In a career shift from filmmaker to environmental advocate, Greg MacGillivray has donated $10 million and foresworn a salary for the next decade to support One World Ocean Foundation, whose mission is restoring and protecting the world’s oceans.
MacGillivray and his team plan to produce an ambitious slate of films, television shows and online calls to action over the next 10 years in support of the foundation’s audacious goals.
“We are changing ourselves from a for-profit company into a for-mission company,” said MacGillivray, whose Laguna Beach-based MacGillivray-Freeman Films has made several theatrical releases in recent years that call attention to environmental issues.
“There is no doubt that films can make a gigantic difference in public opinion, particularly IMAX films, because it’s so crystal sharp and real looking, it’s almost like being there firsthand,” he said in an interview this week. “We’ve found that IMAX can really get people stoked and engaged. I look at that as a responsibility, to take the reputation and all these partnerships we’ve established over the last 30 years with all these museum theaters, to help the ocean. We know we can convince people of the importance of the ocean.”
No better testimonial for the power of film to influence public opinion came from the U.N. Secretary General Ban Ki-moon, who visited Hollywood during Oscar week. He made a direct plea to filmmakers to feature global warming as plot lines in future films to reverse the public’s diminishing concern about the issue.
While MacGillivray did not participate in that meeting, his One World Ocean campaign is taking up an equally bold cause with a budget he estimates at $55 million. He is staking $10 million of his own money to cover administrative and other costs, pledging that all donations from others will go entirely to projects and initiatives.
MacGillivray, an Academy Award-nominated director who has made more than 30 IMAX films, said, “90 percent of the big fish in our oceans are gone. Scientists estimate that 70 percent of our planet’s coral reefs will be destroyed by mid-century. Ocean acidification and warming temperatures will cause yet unknown damage. We are destroying what gives us life.”
One World Ocean’s campaign goals are twofold: increase marine reserves to 10 percent of the world’s oceans from their current 1 percent, and change the way people consume sea life.
While both goals are hugely ambitious, both have attracted popular support in some quarters. For example, legal protections for the entire coastline of Laguna Beach, as well as other key areas in Southern California, were recently established under California’s Marine Life Protection Act, which has been hailed as a win for ocean conservationists.
In addition, sustainable fish consumption practices have gained traction, with organizations like Monterey Bay Aquarium’s Seafood Watch issuing sustainability ratings on various fish, and Marriot Hotels announcing last June that at least half of the fish served in its hundreds of locations worldwide will be sustainably harvested.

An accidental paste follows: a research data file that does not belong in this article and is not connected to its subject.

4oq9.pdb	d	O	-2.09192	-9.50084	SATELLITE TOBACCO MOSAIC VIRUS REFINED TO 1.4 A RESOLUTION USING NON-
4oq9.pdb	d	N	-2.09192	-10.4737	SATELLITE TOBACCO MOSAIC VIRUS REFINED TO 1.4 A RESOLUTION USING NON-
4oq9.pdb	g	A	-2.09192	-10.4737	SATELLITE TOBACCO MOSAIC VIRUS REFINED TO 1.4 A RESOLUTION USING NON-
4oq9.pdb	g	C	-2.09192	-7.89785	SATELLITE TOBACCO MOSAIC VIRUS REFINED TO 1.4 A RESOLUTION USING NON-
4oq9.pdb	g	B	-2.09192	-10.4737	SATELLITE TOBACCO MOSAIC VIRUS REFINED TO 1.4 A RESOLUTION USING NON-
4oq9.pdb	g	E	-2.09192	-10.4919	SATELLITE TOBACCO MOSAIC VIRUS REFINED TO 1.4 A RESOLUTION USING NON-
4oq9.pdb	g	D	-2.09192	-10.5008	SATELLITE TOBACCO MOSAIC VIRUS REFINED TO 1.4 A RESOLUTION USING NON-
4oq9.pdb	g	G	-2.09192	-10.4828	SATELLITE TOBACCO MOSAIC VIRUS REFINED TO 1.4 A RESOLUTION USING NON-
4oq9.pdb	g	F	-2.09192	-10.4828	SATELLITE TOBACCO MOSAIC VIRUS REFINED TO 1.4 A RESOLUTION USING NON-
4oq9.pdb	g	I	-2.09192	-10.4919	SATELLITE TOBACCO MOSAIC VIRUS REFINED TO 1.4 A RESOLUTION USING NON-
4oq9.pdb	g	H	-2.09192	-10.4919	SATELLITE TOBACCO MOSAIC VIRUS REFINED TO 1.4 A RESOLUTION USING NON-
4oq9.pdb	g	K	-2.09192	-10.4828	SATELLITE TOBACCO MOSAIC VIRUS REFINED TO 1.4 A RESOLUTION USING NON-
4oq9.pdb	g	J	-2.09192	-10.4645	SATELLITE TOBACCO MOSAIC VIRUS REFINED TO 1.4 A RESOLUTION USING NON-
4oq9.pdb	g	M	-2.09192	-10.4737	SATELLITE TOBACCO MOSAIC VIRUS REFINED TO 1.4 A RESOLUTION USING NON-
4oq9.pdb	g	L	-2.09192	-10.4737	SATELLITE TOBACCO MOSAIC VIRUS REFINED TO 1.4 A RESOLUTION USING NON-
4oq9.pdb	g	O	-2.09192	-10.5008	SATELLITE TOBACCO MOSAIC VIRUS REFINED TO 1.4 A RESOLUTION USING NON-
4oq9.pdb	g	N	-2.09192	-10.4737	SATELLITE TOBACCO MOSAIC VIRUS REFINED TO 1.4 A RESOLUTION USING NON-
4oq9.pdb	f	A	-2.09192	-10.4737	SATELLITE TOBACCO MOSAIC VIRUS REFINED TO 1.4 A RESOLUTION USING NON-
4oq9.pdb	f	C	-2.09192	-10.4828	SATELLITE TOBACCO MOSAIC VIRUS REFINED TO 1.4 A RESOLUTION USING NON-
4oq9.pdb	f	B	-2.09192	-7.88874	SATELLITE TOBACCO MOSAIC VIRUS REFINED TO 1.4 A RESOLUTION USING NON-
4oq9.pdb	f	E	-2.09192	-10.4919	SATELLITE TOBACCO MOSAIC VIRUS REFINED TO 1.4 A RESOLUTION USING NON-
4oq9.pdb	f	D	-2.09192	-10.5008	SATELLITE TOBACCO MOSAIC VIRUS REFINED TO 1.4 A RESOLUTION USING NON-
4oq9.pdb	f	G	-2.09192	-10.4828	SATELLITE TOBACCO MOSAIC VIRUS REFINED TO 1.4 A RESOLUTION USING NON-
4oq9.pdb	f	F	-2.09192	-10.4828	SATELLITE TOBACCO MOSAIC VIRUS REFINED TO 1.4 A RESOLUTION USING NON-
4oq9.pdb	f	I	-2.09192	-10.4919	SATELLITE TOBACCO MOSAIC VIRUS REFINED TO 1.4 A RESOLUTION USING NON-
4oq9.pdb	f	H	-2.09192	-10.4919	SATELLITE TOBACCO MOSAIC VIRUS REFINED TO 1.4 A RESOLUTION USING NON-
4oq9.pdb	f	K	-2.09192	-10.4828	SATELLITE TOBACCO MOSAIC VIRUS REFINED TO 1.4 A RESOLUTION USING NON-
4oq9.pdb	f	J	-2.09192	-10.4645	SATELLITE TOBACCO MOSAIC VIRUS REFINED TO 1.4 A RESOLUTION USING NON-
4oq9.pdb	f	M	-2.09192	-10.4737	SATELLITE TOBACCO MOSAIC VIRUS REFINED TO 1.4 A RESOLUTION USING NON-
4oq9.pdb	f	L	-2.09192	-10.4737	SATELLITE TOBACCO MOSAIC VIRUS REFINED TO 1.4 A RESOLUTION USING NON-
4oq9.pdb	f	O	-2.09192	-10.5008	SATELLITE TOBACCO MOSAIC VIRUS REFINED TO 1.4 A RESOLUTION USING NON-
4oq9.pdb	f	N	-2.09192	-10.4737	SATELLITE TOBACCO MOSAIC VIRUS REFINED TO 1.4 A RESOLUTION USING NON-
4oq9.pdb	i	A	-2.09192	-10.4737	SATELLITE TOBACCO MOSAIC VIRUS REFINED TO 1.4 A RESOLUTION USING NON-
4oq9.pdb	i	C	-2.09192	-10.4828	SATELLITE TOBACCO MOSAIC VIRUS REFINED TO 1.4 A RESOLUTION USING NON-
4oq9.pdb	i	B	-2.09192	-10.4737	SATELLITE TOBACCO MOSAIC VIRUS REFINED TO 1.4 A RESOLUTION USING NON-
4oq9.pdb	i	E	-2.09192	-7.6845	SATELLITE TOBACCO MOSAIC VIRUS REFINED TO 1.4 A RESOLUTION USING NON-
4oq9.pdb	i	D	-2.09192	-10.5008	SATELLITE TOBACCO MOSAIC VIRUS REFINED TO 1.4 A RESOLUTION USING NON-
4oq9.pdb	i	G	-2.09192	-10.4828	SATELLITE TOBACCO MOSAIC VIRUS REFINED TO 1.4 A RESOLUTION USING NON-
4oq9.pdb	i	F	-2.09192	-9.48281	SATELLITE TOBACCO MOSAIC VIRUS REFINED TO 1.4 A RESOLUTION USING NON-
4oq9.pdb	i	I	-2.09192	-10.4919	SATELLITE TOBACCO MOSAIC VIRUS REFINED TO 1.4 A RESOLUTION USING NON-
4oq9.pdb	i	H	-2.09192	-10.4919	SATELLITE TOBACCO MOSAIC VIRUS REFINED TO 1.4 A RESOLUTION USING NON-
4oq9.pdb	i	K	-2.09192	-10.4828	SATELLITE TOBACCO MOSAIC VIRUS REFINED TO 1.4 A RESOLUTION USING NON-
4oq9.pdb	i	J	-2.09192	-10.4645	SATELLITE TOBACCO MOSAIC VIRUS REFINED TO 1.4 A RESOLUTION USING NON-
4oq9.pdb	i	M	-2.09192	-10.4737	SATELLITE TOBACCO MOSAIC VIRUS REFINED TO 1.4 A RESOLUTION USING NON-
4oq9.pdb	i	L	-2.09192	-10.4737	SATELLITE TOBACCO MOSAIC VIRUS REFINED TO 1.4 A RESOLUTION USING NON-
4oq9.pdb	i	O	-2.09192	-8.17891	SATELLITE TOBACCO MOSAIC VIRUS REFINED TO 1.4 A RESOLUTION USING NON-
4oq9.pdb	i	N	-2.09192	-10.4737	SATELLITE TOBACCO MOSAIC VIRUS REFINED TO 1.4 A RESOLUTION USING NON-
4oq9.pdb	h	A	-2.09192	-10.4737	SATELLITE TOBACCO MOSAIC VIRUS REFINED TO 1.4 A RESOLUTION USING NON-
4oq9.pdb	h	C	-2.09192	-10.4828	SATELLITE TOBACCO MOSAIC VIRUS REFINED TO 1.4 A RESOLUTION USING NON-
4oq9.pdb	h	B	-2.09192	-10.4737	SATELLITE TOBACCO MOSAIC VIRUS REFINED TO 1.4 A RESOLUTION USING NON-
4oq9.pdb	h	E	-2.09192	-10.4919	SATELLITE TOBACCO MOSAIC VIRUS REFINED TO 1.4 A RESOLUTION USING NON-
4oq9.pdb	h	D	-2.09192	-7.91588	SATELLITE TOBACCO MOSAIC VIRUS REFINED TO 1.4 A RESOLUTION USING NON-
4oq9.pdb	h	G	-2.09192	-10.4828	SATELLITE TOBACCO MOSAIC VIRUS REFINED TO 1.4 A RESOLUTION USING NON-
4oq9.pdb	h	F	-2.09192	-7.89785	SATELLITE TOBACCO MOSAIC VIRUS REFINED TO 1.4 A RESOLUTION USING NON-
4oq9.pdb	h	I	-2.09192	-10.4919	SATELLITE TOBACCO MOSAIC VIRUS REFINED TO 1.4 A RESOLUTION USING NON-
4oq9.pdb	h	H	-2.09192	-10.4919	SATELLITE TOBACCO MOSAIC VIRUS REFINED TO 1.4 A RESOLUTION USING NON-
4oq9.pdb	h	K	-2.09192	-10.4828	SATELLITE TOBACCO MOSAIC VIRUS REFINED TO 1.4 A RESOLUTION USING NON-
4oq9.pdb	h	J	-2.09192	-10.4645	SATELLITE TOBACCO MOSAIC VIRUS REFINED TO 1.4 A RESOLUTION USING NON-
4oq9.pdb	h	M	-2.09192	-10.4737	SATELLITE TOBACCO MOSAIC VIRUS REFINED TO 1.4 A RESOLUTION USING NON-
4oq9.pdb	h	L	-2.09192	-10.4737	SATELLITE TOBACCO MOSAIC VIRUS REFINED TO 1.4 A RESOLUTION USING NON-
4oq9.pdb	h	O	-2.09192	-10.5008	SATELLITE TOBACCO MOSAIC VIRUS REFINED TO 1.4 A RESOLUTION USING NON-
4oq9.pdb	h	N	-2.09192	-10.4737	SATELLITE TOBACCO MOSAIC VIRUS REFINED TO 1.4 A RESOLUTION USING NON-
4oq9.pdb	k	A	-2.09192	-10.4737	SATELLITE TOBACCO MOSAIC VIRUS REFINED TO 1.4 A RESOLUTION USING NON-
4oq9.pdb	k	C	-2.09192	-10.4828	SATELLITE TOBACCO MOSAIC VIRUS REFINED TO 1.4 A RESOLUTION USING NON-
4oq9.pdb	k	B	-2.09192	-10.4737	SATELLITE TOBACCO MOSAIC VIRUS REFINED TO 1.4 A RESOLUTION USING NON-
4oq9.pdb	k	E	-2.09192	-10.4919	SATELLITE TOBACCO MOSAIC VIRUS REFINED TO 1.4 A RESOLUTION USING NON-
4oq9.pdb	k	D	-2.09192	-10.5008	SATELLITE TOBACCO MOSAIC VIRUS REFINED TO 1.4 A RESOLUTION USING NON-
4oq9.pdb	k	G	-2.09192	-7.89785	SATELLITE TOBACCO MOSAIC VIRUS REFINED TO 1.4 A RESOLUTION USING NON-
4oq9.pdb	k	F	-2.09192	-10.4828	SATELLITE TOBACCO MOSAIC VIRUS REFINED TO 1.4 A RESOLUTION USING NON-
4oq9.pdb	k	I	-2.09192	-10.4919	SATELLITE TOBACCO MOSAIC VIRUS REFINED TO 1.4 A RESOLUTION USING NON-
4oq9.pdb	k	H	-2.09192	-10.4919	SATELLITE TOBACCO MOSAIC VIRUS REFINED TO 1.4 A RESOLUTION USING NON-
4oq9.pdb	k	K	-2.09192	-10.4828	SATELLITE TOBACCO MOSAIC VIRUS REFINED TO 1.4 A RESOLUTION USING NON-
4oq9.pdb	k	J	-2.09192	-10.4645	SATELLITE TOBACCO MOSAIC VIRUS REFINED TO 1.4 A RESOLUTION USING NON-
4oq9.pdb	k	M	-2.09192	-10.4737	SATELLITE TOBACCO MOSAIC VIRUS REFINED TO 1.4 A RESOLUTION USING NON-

“What we do for the ocean in the next 10 years will define the next 10,000,” Earle, an advisor to the One World Ocean Campaign, said on its website. She warns that numerous eco-systems in decline across the world’s oceans are near a tipping point.
The campaign will include three IMAX 3D films currently in production by MacGillivray-Freeman. The first, “To The Arctic,” will be released in 2012, with “One World Ocean: The Reef” and “One World Ocean: Humpback Whales” coming later. There will also be a regular format 3D movie release with a top Hollywood distributor that MacGillivray declined to identify as the contract had yet to be finalized.
In addition, MacGillivray plans to produce an eight-part television series in 2D and 3D, which has received expressions of interest for distribution from national networks and top cable programmers, but no deal has yet solidified, he said. Though television production has not been MacGillivray-Freeman’s focus, the company took footage from “Mt. Everest,” the highest grossing IMAX film ever, and produced three one-hour episodes for ABC’s Turning Point, which also turned into the show’s highest-rating episodes, according to MacGillivray.
MacGillivray’s son Shaun, also an accomplished IMAX filmmaker, is co-producing the campaign, which will include an online hub for ocean protection efforts, books, literature, exhibits at museums, programs for seniors and youth, as well as information on the campaign’s results.
For the next 10 years, Greg hand his wife Barbara will work with no salary and will focus exclusively on the non-profit One World Ocean campaign. MacGillivray does leave the door open to commercial work, saying he could take a paying job if he can fit it in.
Laguna Beach Mayor Toni Iseman, who attended an ocean sustainability conference and One World Ocean preview at UC Irvine last Thursday, praised the program’s scope. “It’s an eye opener about what we have to do, and how hard we’re going to have to work to restore our oceans.”
Numerous other ocean-oriented organizations already are advocates for conservation. Oceana, which has attracted Hollywood celebrity supporters, held its annual Sea Change fundraiser in Laguna Beach last August. MacGillivray aims to bolster the efforts of Oceana and similar organizations through his film and social media advocacy.
His foundation can muster alliances any non-profit would covet: a network of 211 museums and theaters in 32 countries that already show MacGillivray made films. This comprises a base of 70 million “loyal and passionate viewers per year,” according to the campaign website.
In addition, campaign organizers aim to assemble grass-roots advocates 15 million people strong, “boots on the ground,” ready to march on Washington, D.C., and other policy centers to participate in rallies and petition efforts and raise $20 million more to sustain the lengthy campaign.